The compression fixture then removes the plunger 78, and the cover wall 18 is placed over the open side of the capillary chamber 22 (and the free ink chamber 24). In a particular implementation, to obtain increased foam density adjacent the cover wall, when the foam 62 is inserted into the capillary chamber 22, a small portion (1.5-3.0 mm) of the foam material remains extending beyond the open end of the capillary chamber 22. Then, when the cover wall 18 is applied over the open side of the housing, to enclose the interior space of the housing, the cover wall 18 completes the compression of the foam material adjacent the open side of the housing. Thus, after the cover wall is sealed to the housing body, the foam material adjacent the cover wall 18 has a higher density than does foam material away from the cover wall 18 and aligned with the bubbler rib 65. As the cover is brought into place, it also further compresses the foam material between the cover wall 18 and the port rib 64, so that the foam material in that region has a higher density than does the foam material between the cover wall 18 and the bubbler rib 65.
Referring now to FIG. 7, an implementation is illustrated in which the top of the capillary chamber is symmetrical, in that the port rib 64 and the bubbler rib 65 are of equal length. The capillary material or foam 62′ is formed asymmetrically, with a greater amount of capillary material aligned with the port rib 64 than is aligned with the bubbler rib 65. When the capillary material 62′ is compressed into the capillary chamber 22, and the cover wall 18 is placed over the open end of the capillary chamber, the capillary material 62′ between the port rib 64 and the cover wall 18 is more compressed than is the capillary material between the bubbler rib 65 and the cover wall.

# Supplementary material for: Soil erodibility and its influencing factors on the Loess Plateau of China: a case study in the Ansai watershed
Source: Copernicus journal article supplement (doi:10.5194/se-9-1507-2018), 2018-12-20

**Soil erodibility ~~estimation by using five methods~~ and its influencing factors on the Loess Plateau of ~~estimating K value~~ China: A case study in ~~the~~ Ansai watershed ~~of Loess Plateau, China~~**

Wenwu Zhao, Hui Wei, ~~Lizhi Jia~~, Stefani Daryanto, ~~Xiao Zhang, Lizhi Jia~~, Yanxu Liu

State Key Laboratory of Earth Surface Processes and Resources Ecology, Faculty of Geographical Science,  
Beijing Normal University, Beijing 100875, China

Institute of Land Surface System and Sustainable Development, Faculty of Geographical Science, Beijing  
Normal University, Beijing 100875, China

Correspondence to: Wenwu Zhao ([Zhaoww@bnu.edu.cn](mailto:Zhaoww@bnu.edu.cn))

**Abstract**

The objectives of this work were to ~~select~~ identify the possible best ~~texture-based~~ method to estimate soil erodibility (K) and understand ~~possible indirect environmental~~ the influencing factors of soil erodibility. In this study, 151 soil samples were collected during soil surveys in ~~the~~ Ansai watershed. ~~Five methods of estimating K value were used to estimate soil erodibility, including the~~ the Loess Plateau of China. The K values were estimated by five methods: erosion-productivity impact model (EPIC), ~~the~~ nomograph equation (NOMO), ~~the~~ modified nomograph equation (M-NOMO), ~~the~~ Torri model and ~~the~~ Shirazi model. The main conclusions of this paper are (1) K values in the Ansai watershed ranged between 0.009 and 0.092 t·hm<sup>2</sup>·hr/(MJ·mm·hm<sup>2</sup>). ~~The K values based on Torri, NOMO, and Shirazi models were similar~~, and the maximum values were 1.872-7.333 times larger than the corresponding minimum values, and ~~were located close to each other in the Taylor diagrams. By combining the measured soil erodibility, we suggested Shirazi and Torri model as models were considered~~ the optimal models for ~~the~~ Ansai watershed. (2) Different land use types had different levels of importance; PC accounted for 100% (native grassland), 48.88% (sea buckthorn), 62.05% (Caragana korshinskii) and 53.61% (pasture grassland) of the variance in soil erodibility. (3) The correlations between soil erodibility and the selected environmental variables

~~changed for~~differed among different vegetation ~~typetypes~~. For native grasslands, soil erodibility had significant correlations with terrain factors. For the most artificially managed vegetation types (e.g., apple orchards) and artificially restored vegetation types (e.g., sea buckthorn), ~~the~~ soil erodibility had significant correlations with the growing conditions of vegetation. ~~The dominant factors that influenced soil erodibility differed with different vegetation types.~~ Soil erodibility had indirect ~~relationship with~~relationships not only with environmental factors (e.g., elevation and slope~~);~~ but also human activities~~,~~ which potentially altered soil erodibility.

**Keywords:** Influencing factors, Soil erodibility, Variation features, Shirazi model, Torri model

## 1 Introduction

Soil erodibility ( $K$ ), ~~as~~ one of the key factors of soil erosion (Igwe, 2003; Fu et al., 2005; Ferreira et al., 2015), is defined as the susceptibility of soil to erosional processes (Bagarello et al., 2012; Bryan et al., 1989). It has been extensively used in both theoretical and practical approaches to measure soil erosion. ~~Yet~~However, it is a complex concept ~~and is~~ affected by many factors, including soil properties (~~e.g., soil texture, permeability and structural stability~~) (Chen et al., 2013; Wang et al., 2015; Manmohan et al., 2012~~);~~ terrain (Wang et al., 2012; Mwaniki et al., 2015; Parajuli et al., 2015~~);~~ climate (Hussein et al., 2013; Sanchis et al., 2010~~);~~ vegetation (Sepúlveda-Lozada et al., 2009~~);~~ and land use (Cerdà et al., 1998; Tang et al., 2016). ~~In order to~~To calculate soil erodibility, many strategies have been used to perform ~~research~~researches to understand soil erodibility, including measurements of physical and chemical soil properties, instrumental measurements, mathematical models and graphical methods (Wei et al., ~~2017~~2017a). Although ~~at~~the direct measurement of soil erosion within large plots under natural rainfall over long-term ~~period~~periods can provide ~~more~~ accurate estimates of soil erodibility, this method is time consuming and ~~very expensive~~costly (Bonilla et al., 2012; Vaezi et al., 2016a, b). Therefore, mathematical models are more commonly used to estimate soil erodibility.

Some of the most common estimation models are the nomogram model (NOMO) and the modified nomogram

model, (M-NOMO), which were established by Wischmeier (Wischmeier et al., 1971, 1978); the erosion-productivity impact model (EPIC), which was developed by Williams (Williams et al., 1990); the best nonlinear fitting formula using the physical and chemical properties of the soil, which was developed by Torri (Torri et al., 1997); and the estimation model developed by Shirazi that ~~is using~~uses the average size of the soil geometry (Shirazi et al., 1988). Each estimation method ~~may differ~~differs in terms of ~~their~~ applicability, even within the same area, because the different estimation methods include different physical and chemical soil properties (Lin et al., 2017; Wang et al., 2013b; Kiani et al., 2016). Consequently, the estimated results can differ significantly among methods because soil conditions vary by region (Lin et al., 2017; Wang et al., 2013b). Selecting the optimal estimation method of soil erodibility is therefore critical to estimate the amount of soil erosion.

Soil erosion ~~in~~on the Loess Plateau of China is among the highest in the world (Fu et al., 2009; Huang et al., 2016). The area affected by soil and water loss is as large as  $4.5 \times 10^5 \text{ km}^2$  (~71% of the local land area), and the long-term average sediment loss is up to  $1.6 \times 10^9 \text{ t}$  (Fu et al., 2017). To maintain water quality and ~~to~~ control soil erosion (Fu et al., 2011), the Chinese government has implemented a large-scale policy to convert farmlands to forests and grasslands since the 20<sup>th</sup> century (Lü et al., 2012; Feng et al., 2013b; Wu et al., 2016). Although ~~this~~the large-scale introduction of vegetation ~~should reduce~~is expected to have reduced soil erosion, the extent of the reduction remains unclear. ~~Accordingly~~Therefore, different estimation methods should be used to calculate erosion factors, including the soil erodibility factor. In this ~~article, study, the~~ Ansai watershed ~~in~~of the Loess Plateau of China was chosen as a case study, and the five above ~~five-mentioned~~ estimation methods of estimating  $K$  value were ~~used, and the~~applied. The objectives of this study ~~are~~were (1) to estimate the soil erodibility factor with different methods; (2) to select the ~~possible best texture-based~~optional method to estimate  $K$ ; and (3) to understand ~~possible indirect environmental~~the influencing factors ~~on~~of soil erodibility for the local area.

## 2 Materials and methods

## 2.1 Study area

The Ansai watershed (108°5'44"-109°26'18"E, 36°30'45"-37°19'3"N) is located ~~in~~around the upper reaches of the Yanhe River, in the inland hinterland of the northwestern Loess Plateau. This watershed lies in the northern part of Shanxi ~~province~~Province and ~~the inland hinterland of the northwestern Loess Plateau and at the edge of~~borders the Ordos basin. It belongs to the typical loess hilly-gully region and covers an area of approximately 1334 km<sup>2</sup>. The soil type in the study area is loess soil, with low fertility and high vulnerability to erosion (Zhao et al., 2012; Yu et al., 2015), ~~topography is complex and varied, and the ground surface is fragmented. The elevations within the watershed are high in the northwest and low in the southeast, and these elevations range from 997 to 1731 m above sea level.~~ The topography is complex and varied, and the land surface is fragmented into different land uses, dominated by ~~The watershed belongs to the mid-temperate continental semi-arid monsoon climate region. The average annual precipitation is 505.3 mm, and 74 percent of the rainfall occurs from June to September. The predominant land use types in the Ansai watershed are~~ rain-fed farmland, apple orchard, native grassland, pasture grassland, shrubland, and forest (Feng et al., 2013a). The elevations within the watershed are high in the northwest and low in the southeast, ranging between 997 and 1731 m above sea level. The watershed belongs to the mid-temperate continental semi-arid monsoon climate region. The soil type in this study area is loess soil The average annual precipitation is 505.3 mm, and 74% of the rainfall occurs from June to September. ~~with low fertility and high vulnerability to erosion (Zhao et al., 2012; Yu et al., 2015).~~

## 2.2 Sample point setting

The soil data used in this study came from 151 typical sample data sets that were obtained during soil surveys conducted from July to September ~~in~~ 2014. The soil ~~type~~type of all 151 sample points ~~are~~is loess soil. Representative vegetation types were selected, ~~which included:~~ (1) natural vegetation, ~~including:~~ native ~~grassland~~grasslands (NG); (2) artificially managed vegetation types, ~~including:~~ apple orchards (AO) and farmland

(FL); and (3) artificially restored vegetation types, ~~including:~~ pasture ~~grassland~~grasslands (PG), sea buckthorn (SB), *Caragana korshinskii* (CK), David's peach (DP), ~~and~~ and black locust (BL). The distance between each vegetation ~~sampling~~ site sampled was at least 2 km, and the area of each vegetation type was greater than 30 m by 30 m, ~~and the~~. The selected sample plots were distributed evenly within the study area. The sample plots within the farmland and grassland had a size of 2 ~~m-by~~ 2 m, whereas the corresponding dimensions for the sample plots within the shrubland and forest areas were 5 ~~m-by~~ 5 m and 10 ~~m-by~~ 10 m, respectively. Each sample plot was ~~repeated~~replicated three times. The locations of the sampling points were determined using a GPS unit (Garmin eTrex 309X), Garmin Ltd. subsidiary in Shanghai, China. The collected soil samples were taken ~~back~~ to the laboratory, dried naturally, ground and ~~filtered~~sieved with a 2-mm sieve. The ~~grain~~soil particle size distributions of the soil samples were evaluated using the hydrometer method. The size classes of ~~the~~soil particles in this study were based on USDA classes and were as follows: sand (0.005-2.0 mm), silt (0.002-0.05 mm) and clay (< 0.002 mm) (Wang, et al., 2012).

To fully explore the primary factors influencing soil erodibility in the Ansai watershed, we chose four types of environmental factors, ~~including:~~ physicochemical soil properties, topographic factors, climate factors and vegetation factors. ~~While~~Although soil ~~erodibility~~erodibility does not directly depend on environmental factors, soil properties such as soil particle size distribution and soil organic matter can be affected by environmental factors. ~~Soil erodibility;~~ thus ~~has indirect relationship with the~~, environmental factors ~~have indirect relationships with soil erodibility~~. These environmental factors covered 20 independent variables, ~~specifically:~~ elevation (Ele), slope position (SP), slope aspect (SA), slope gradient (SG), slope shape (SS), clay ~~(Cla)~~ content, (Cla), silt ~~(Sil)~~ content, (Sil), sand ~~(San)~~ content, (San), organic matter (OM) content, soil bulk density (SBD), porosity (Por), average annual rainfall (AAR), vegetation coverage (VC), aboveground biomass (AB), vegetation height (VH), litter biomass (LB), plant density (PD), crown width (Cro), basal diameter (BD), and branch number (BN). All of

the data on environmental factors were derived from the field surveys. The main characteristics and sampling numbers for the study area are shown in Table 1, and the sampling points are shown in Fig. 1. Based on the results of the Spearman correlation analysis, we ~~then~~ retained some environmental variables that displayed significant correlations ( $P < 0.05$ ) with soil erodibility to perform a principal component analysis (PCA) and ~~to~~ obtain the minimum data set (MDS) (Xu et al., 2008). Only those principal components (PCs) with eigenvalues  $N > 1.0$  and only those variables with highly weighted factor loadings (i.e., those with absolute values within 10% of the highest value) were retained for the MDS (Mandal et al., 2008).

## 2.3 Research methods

Those skilled in the art will recognize that various modifications can be made to the particular implementations described above and shown in the accompanying figures. For example, numerous modifications can be made to the shape of the ribs, as well as the interior shapes of the capillary chamber and the free ink chamber. In addition, other mechanisms can be employed in the housing to provide variable compression to the foam material in the capillary chamber, such as providing projections along the sides of the chamber, or differently shaped ribs, or other shapes to the capillary or foam material. Other types of materials may be used to provide the appropriate capillary forces to draw fluid. Furthermore, the outlet port and vent openings can be provided in different locations than the specific embodiment illustrated. In addition, although particular implementations have been described in connection with thermal ink jet printers, the principles can also be applied to implementations in connection with other types of ink printers, and in particular, with other types of liquid ink printers. Therefore, the present invention is not to be limited to the specific implementation described above.
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|Cooperative Classification||B41J2/17513, B41J2/17556, B41J2/17506, B41J2/17523|
|European Classification||B41J2/175C2, B41J2/175C3A, B41J2/175C1, B41J2/175C9|
|Mar 15, 2002||AS||Assignment|
Owner name: XEROX CORPORATION, CONNECTICUT
Free format text: ASSIGNMENT OF ASSIGNORS INTEREST;ASSIGNORS:ROOF, BRYAN J.;LENGYEL, DENNIS M.;CARRESE, EDWARD M.;ANDOTHERS;REEL/FRAME:012719/0512;SIGNING DATES FROM 20020102 TO 20020308
|Jul 30, 2002||AS||Assignment|
Owner name: BANK ONE, NA, AS ADMINISTRATIVE AGENT,ILLINOIS
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Owner name: JPMORGAN CHASE BANK, AS COLLATERAL AGENT,TEXAS
Free format text: SECURITY AGREEMENT;ASSIGNOR:XEROX CORPORATION;REEL/FRAME:015722/0119